What's good design? An interior designer's perspective
Creating a beautiful home takes a broad set of skills that not all of us possess. In the worst case of being left to our own devices, we could end up like Cary Grant’s 1948 movie character in Mr. Blandings’s derelict dream house.
But no one needs to go it alone. A good design professional knows how to listen to a client’s vision in order to bring it to life. To find out what’s involved, we chatted with three New Hampshire designers who are outstanding in their respective fields—architect Chris Williams, interior designer Ann Henderson and landscape architect Terrence Parker. We asked what they consider good design and how it affects our everyday lives.
When interior designer Ann Henderson of Ann Henderson Interiors in Keene meets with clients, she puts aside her initial thoughts and just listens. “I pause when it comes to talking about my own style. I may have a personal aesthetic, but it’s always secondary to the client’s lifestyle,” Henderson says. “I apply my knowledge of universal design principles, such as balance, scale, color and texture. Using these tools, I can help my clients create their own style.
“It’s a new set of criteria every time I walk out my door,” she says. “This heightens my sense of creativity, keeping things fresh and inventive, both important attributes of good design.”
All clients have their own dynamic. “Sometimes with couples, one person is really talkative and the other is very quiet,” Henderson says. “But then, the quiet one will begin to share ideas as well, often much to the other’s surprise.”
Her experience has been that these conversations establish an environment where ideas flow freely. A shared vision is the natural outcome.
She enjoys the professional collaboration with architects. “Architecture and interior design are complementary,” Henderson says. “Working together to express the sensibility of a shared vision always proves to be an advantage in realizing good design principles.”
In this mix, Henderson contributes her own elegant sensibility. After studying art history and interior design, Henderson studied at the Winterthur Museum in Delaware. Her interiors reflect this background with her use of vibrant yet sophisticated palettes as well as her thoughtful placement of antiques and decorative arts. But, her signature touch is always the warm inviting feel of the spaces she creates.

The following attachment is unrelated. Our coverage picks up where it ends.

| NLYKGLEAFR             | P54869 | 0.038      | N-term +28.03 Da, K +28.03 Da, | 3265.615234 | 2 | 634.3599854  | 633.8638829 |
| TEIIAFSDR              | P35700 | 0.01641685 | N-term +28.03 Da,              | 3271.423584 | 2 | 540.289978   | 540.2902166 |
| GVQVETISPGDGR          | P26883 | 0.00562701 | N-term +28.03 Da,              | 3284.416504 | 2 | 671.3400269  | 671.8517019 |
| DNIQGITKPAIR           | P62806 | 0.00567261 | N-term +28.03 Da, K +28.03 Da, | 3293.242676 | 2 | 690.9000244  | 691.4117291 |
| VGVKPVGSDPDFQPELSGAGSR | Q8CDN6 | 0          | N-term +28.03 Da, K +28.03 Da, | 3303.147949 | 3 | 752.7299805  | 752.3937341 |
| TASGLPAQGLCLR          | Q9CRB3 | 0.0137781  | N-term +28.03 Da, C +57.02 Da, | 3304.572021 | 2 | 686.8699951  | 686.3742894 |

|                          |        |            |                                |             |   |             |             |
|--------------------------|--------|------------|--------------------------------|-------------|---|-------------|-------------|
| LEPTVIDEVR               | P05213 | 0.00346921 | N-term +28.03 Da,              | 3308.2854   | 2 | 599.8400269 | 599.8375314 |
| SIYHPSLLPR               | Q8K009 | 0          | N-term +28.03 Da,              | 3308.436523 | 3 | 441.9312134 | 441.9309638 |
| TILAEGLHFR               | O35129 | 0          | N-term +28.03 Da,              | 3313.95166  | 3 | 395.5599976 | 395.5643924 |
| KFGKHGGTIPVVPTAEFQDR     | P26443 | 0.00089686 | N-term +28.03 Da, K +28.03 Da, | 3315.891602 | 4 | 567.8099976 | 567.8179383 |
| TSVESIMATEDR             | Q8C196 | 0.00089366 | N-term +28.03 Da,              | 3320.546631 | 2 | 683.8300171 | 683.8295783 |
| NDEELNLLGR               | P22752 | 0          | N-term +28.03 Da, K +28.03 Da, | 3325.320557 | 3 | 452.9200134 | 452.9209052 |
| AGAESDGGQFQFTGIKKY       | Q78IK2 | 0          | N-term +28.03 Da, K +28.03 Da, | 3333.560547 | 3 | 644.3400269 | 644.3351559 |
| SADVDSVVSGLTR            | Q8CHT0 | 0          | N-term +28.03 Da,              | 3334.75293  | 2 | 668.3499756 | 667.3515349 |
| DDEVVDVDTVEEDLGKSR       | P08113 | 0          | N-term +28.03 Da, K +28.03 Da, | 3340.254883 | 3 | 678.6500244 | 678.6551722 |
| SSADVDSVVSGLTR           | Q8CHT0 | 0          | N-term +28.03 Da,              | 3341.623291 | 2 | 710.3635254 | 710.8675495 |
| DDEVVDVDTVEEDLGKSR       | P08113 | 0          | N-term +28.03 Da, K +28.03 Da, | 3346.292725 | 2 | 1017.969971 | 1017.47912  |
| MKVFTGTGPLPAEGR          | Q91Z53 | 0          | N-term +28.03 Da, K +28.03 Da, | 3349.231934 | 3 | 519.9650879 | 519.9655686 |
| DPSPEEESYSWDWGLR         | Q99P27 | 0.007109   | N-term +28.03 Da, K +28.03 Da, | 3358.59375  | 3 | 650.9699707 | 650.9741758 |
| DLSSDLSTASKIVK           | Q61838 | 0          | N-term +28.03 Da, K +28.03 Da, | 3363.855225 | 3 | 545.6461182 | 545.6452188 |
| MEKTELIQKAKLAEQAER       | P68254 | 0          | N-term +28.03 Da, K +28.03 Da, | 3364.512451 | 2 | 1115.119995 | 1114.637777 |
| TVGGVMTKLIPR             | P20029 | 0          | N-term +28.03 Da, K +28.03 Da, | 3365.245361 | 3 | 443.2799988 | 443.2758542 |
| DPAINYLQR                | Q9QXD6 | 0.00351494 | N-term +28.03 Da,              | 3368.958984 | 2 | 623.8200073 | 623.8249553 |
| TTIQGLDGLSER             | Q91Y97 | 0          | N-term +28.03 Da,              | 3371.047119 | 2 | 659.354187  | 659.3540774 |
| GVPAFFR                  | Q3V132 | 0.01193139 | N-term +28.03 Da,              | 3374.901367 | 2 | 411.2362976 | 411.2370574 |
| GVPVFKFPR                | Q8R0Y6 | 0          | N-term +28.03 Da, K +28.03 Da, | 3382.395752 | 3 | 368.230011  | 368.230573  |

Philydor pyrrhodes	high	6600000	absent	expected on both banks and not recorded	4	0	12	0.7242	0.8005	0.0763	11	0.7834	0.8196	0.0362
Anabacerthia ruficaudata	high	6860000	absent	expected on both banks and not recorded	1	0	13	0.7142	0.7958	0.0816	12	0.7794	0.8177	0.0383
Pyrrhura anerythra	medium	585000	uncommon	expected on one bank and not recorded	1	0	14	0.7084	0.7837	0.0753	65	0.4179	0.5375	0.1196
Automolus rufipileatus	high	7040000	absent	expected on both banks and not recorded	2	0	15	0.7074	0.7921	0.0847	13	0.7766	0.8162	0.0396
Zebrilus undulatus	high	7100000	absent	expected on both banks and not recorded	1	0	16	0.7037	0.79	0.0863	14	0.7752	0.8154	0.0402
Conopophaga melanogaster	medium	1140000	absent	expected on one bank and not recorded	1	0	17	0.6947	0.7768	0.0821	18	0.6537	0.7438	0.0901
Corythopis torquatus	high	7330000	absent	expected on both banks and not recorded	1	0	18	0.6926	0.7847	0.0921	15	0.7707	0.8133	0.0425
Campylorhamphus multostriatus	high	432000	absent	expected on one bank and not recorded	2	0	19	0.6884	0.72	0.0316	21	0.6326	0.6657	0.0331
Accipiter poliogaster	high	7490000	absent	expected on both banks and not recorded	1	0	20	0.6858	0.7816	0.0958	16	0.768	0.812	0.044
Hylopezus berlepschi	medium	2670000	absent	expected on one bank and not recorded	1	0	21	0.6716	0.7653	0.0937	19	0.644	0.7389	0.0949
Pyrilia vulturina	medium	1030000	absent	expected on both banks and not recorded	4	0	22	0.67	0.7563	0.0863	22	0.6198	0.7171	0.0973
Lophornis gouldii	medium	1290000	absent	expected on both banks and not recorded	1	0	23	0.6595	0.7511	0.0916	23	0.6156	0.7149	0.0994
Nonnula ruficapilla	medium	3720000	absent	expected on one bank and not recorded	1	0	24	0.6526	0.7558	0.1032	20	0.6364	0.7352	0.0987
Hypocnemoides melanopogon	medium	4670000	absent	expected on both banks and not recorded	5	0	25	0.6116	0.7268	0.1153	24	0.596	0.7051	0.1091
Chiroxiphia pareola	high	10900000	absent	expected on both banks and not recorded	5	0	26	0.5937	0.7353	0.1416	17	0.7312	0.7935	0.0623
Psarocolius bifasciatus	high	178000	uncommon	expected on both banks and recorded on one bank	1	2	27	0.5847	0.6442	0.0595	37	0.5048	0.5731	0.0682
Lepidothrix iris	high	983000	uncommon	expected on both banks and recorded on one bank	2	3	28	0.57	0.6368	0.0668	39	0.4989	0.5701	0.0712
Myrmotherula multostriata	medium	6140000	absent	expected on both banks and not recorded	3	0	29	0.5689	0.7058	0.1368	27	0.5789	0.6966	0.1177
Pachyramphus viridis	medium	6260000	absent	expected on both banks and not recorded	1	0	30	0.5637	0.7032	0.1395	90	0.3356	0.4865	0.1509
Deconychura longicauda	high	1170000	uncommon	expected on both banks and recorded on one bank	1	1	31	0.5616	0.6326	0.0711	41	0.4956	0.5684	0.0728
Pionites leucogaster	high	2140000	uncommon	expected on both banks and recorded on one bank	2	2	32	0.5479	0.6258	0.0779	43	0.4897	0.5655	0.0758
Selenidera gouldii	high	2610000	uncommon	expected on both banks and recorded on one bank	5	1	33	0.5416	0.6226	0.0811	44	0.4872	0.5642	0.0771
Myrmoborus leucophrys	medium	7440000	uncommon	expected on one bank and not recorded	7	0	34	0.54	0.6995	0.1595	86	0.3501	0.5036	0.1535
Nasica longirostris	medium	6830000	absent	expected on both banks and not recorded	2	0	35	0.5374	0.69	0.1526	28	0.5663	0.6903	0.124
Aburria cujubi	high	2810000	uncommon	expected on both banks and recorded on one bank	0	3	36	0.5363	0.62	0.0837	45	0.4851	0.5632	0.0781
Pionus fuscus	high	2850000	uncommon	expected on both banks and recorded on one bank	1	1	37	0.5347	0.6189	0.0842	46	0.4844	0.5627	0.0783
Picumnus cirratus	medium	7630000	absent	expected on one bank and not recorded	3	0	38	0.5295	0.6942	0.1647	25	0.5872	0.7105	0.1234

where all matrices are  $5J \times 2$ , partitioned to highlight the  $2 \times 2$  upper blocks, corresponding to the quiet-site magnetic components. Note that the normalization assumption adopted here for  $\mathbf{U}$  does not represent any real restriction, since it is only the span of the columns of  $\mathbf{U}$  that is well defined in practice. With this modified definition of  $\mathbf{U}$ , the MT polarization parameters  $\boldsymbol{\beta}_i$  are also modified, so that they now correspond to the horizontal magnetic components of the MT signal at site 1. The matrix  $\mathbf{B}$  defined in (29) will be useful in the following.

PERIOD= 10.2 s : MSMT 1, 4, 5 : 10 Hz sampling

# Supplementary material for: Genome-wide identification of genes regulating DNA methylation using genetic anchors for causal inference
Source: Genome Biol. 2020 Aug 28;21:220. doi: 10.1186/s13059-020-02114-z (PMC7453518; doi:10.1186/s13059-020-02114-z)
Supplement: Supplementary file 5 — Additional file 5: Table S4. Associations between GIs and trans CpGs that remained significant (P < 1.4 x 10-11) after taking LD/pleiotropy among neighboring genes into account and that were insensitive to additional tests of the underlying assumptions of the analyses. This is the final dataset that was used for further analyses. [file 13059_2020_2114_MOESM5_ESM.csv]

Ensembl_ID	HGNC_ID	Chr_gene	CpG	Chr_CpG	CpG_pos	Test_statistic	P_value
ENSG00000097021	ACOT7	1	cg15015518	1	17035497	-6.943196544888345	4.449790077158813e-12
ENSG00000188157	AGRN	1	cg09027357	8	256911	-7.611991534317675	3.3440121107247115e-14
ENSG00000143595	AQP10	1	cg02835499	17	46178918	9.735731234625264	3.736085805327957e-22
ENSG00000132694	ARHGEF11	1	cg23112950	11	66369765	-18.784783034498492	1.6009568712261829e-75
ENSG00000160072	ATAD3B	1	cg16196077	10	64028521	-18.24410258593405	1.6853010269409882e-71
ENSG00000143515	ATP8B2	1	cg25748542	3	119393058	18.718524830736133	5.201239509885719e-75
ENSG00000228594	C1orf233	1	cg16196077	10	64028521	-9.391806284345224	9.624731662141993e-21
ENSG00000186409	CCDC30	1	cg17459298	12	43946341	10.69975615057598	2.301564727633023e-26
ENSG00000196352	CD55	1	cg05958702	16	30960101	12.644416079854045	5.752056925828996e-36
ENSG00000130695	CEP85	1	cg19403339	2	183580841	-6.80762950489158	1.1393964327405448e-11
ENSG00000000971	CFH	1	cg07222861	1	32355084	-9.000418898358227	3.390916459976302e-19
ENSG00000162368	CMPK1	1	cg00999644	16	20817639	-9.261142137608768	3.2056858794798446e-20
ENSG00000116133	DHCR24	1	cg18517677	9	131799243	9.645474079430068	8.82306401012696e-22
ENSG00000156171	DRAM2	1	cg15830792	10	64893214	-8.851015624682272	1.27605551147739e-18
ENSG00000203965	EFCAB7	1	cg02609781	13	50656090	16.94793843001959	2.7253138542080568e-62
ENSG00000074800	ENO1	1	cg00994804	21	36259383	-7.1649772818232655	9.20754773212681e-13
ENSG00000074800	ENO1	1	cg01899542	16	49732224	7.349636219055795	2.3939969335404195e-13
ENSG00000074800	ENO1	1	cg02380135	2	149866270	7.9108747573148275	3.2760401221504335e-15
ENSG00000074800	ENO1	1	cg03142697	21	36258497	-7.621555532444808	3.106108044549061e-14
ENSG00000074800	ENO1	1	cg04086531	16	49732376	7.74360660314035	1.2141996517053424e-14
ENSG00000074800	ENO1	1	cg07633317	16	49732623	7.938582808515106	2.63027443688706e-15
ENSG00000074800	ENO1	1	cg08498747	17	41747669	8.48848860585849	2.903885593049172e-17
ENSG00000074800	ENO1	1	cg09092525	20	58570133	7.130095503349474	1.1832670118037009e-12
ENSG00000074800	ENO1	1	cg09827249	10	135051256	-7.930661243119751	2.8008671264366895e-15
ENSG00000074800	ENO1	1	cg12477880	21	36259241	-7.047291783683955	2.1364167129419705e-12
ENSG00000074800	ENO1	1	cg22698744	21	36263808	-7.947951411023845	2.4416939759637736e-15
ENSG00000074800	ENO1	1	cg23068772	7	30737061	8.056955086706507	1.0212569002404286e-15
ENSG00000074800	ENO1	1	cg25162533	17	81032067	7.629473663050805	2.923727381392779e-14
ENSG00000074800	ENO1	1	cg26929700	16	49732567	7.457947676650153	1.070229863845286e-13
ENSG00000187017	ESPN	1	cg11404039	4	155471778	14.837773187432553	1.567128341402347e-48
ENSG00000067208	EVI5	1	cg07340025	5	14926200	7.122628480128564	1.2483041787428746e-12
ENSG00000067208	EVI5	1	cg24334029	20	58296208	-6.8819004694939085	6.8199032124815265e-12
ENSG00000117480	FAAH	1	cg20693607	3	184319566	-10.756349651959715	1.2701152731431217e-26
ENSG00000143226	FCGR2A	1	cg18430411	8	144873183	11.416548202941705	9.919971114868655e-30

“Formality in rooms can be off-putting if they’re not cozy and mindful of those who live there,” Henderson says. “Having a round table for coffee with a friend or a sunny corner with a writing desk can make a room truly habitable.”
Henderson is tough-minded about budgets. “I think there’s a way to make just about anything beautiful, but you have to be open to new ideas. Granite countertops may not fit your budget, but, surprisingly, concrete or another material might offer a great alternative.”
Lives are always changing, and the rooms we live in change as well. Henderson worked with a couple who downsized to a retirement community, and together they created a beautiful cottage for the couples’ fine collection of art and antiques. To soften large built-in cabinetry in a bedroom, Henderson enlisted a favorite decorative painter to re-create scenes from the client’s landscape photography. For an upbeat teen bedroom, she used a bed without a frame, and incorporated lots of funky Indian carvings and pillows, along with a camelback sofa upholstered in white duck canvas fabric. For another client, Henderson designed a new kitchen around a large, antique Delft tile inherited from the client’s mother.
Color for Henderson is a key connective element. Painting a ceiling blue is easily within her repertoire. “When I create a room, it’s like composing a painting,” Henderson says. “The room organizes itself around focal points, and overall it needs to connect. There needs to be a thread that can unite it. Good design can take my breath away.”
Ann Henderson of Ann Henderson Interiors in Keene designed this condominium at RiverMead, a Peterborough retirement community. The needlepoint rug was cut down to fit in the living room (it had previously been used in a bedroom) and some furnishings were reupholstered. The sofa and window treatments are new.
Photography by John W. Hession